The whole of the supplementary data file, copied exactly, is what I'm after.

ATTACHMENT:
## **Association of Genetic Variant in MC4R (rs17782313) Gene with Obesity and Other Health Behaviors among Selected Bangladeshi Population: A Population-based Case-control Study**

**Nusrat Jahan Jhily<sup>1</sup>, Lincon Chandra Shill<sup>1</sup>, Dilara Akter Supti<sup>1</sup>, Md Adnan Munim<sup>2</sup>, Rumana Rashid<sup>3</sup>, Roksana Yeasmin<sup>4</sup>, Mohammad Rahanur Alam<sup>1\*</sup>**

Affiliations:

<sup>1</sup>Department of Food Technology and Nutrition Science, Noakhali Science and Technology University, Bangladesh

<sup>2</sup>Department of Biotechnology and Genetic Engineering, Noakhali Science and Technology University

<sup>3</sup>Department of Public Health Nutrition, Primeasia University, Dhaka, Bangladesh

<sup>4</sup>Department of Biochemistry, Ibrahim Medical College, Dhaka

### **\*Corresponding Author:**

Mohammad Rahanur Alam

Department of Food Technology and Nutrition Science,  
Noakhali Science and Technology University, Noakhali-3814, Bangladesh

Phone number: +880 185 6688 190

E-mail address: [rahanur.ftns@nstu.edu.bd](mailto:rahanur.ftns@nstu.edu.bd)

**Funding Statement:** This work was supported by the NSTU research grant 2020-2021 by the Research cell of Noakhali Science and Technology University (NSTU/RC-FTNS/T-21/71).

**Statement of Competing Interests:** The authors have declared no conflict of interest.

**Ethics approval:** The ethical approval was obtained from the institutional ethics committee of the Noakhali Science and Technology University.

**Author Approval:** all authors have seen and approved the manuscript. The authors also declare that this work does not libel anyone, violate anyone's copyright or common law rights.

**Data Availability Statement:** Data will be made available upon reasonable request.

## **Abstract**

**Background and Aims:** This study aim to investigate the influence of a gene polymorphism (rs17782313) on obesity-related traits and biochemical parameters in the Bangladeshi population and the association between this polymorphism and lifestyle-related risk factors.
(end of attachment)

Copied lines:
## **Association of Genetic Variant in MC4R (rs17782313) Gene with Obesity and Other Health Behaviors among Selected Bangladeshi Population: A Population-based Case-control Study**

**Nusrat Jahan Jhily<sup>1</sup>, Lincon Chandra Shill<sup>1</sup>, Dilara Akter Supti<sup>1</sup>, Md Adnan Munim<sup>2</sup>, Rumana Rashid<sup>3</sup>, Roksana Yeasmin<sup>4</sup>, Mohammad Rahanur Alam<sup>1\*</sup>**

Affiliations:

<sup>1</sup>Department of Food Technology and Nutrition Science, Noakhali Science and Technology University, Bangladesh

<sup>2</sup>Department of Biotechnology and Genetic Engineering, Noakhali Science and Technology University

<sup>3</sup>Department of Public Health Nutrition, Primeasia University, Dhaka, Bangladesh

<sup>4</sup>Department of Biochemistry, Ibrahim Medical College, Dhaka

### **\*Corresponding Author:**

Mohammad Rahanur Alam

Department of Food Technology and Nutrition Science,  
Noakhali Science and Technology University, Noakhali-3814, Bangladesh

Phone number: +880 185 6688 190

E-mail address: [rahanur.ftns@nstu.edu.bd](mailto:rahanur.ftns@nstu.edu.bd)

**Funding Statement:** This work was supported by the NSTU research grant 2020-2021 by the Research cell of Noakhali Science and Technology University (NSTU/RC-FTNS/T-21/71).

**Statement of Competing Interests:** The authors have declared no conflict of interest.

**Ethics approval:** The ethical approval was obtained from the institutional ethics committee of the Noakhali Science and Technology University.

**Author Approval:** all authors have seen and approved the manuscript. The authors also declare that this work does not libel anyone, violate anyone's copyright or common law rights.

**Data Availability Statement:** Data will be made available upon reasonable request.

## **Abstract**

**Background and Aims:** This study aim to investigate the influence of a gene polymorphism (rs17782313) on obesity-related traits and biochemical parameters in the Bangladeshi population and the association between this polymorphism and lifestyle-related risk factors.